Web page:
Masters 2015 results: Jordan Spieth wins his first major championship after equalling Tiger Woods' Masters record of 18-under-par

Spieth led from the opening day on Thursday and never looked back as he claimed his first ever Green Jacket

The test was always going to be about character, mentality, headspace. Jordan Spieth can play golf all right, but could he get his ball around Augusta National on the last day of the Masters? The question all America and one Englishman, Justin Rose, was asking.

The answer was emphatic. Spieth, which according to linguist Sir Nick Faldo, translates as speedy and successful in German, fired a final round 70 to win by four shots on 18 under par from Rose and Phil Mickelson and become at 21-years-old the second youngest Masters Champion after Tiger Woods. 

There is supposed to be no test in golf like the back nine at Augusta on championship Sunday. Spieth reached that pivotal point with a five-shot lead and immediately extended it to six with his 26 birdie of the week at the tenth, breaking Mickelson’s record set in 2001. Nerves? Yep Rose was definitely feeling it.

 

And so America has its new golfing pin-up, a young man of substance claiming his first major at the same age as Woods announced his genius to the world. A year ago he led after 54 holes but could not hold on. Here he marched from gun to tape without looking like faltering.

When Rose applied early pressure with birdies at the opening two holes, Spieth responded with two in three. A bogey at the fifth after Spieth fluffed a chip saw the gap to narrow to three, but Rose was unable to bring the hammer down as he did on Saturday when he birdied five of the last six holes.

It was too little too late from Rory McIlroy, who equalled the low score of the day, 66, to finish fourth. Once again one bad nine-hole stretch on Friday, 40 on the front, cost him his chance of a first green jacket. He played sensational golf thereafter to re-inforce the idea that Augusta must fall to him at some point.

Ian Poulter shot a second successive 67 to finish in a share of sixth, his highest Masters finish, on nine under par alongside the resurgent Paul Casey and Dustin Johnson.

The sense of anticipation spread like a heavy blanket across the morning.  Most of the players had either left on were out on the course. Padraig Harrington, who missed the cut, was smashing a few drives away at the end of the range under the watchful gaze of sports shrink Bob Rotella.

Zach Johnson, Ian Poulter and Paul Casey were progressing quietly through the bag, their work of little interest to the crowd or the leaderboard. The arrival of McIlroy, out in the third last pairing with Tiger Woods, shattered the library-like hush that had settled on the piece.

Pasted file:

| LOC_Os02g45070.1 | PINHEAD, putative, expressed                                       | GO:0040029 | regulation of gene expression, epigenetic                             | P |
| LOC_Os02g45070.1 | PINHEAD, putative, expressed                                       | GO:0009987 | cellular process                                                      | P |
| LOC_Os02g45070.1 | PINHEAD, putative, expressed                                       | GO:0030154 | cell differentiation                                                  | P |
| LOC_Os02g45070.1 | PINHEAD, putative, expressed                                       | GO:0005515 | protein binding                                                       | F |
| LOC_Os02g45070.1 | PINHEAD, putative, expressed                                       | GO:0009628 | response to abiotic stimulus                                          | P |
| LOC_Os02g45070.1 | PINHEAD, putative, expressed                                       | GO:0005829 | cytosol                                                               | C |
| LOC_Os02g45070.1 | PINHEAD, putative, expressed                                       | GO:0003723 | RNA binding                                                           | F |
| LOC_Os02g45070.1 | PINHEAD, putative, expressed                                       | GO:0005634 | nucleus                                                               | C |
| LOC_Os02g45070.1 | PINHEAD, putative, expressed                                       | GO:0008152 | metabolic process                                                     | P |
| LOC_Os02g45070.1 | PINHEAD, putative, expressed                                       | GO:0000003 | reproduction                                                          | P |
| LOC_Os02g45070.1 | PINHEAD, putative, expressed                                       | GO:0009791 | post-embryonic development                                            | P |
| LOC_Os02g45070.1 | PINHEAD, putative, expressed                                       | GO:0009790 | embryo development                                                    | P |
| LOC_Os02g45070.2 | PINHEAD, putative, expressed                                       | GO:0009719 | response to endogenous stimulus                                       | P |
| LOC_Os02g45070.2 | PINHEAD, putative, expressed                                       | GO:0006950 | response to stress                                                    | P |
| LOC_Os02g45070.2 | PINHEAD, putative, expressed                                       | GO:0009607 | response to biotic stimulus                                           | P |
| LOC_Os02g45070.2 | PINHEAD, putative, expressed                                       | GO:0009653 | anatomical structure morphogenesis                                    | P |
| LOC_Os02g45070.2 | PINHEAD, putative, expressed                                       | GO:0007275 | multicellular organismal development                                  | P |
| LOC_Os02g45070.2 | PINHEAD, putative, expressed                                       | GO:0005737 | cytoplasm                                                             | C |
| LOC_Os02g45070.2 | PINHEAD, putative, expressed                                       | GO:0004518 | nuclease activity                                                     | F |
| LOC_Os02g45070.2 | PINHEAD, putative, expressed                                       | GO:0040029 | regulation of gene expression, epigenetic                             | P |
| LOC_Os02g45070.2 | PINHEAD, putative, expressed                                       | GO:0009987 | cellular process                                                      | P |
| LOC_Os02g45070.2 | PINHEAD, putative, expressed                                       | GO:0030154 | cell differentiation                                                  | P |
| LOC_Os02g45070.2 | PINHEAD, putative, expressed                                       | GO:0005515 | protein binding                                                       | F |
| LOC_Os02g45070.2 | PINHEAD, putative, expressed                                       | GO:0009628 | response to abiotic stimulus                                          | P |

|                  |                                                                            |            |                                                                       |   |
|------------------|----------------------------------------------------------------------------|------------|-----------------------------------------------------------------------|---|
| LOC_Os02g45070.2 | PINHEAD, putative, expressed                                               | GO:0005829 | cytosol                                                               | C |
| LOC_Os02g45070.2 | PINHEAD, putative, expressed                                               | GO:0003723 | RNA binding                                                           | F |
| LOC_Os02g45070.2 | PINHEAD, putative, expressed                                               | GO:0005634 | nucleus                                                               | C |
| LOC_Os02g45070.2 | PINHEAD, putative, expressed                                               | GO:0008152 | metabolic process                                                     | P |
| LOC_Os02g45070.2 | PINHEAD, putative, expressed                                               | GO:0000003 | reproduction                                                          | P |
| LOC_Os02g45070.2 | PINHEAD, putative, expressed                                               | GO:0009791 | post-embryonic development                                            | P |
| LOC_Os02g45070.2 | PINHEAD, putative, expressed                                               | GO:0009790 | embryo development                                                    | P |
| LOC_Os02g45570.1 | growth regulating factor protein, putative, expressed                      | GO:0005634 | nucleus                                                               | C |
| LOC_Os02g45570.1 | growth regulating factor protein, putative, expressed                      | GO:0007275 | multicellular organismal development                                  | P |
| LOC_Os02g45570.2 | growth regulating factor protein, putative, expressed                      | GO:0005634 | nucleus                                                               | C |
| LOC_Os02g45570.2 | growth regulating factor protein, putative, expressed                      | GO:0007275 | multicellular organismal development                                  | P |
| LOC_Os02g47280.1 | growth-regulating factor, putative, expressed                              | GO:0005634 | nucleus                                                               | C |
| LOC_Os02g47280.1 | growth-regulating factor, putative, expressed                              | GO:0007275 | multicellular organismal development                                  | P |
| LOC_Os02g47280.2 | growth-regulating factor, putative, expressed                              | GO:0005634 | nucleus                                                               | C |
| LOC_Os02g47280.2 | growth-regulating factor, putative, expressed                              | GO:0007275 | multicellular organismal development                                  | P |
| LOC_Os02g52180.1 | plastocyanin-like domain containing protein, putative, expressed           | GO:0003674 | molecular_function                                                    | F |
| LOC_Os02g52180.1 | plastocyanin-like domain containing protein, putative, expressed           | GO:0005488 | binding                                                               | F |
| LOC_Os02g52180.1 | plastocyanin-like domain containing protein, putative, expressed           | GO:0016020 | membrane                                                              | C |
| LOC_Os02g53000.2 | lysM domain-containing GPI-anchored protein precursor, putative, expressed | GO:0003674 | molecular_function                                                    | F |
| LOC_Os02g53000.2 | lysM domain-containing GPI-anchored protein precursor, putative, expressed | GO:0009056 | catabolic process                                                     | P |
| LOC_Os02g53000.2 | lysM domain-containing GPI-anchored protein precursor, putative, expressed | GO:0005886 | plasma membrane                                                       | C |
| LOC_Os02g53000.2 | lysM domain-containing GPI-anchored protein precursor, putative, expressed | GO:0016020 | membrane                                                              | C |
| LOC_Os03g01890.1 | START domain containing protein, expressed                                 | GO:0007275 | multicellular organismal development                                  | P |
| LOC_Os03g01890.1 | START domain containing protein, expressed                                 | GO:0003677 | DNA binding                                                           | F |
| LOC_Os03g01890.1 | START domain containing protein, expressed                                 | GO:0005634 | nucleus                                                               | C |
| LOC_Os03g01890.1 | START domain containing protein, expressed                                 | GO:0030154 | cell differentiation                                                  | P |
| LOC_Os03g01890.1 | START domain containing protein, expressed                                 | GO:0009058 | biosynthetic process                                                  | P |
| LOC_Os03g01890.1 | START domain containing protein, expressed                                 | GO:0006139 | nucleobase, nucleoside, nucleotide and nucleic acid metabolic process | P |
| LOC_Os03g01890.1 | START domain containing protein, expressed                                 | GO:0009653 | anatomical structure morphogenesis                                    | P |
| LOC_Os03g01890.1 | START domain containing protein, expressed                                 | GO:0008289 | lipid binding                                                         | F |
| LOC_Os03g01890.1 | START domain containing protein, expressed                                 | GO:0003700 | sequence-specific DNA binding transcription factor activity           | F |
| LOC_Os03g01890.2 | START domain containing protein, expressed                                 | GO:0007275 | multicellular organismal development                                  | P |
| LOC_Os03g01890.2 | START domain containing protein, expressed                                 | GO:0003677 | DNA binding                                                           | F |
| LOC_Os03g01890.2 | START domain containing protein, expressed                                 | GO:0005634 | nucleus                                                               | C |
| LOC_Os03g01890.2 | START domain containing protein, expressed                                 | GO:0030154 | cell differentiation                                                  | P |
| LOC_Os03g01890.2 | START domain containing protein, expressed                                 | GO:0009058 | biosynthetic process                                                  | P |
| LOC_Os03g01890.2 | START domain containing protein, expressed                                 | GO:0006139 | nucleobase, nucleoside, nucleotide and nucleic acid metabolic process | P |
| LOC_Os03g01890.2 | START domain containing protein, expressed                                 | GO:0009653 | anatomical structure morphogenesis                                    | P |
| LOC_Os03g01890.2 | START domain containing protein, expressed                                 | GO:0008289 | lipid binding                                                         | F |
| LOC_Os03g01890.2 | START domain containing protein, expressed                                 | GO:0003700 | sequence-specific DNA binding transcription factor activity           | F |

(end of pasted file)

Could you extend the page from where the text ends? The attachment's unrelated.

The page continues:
We can assume the spring in his step was attributable to the victory of United in the Manchester derby. It certainly dipped the shoulders of his father Gerry, a City fan, who watched it with his son before setting out for the course. Four years ago McIlroy walked out on to the same stretch of turf in the eye of the storm. Starting ten behind he would need a lot to go right to be part of the story this day.

McIlroy did not turn the scoreboard until the seventh hole, but even if he had found his rhythm early Spieth, in only his eighth competitive round at Augusta, was slowly closing the door. It was that way from the off. Calm as you like he eased a three-wood up the middle at the first. Rose did likewise. “That’ll work,” said a voice in the crowd. Rose hit his approach to ten feet. Get inside that, son. Spieth did. Rose shot first for birdie and scored. Follow that, son. Spieth did. This was more title fight than golf, Spieth trading blow for blow.

Up ahead on the second green Mickelson made his first move of the day. What a Saturday show he put on, his 67 taking him within five of Spieth overnight. There is a lot of affection for young Spieth but he is at the start of his journey. Mickelson is deeply embedded in the hearts of the nation, captain America leading the charge. An eagle out of the bunker at 15 to take him to 14 under had hearts a flutter but he still trailed by four. His reward was a share of second.

Woods was never in it, his day hampered when he smashed a tree root with his approach at the ninth. He finished tied 17 on five under par. A birdie at 14 kept Rose within four but the holes were slipping quickly by. He bridled slightly after his opening 67 when it was put to him that it was something of a surprise that he might contend this week. He reminded his inquisitor that he was a major champion and that it was no surprise to him. He could not have started the final round better at a venue where momentum swings are part of the fabric of the last day.   

Incredibly Spieth matched every thrust. He has barely put a club wrong all week, all month, all year. Twice a winner this season already he arrived at Augusta riding a form wave that read in binary 1, 2, 2. Dealing with the hour before the whistle blows are often the hardest minutes to negotiate.

The cameras were pointing away from the action in the direction of the car park seeking a first sighting on the boy wonder. He foiled them by entering through Gate no.3 the entrance to Magnolia Lane, arriving at the practice facility from the opposite side. It was a clear sign that he was managing the situation on his own terms not reacting to events.

The walk up 18 was a moment he will never forget, the galleries packed around the green clapping him all the way up the hill. For a young American, there is no feeling in golf quite like that. But for a bogey at the last he would have set a record low at the Masters. Ah well, something to shoot for next year.

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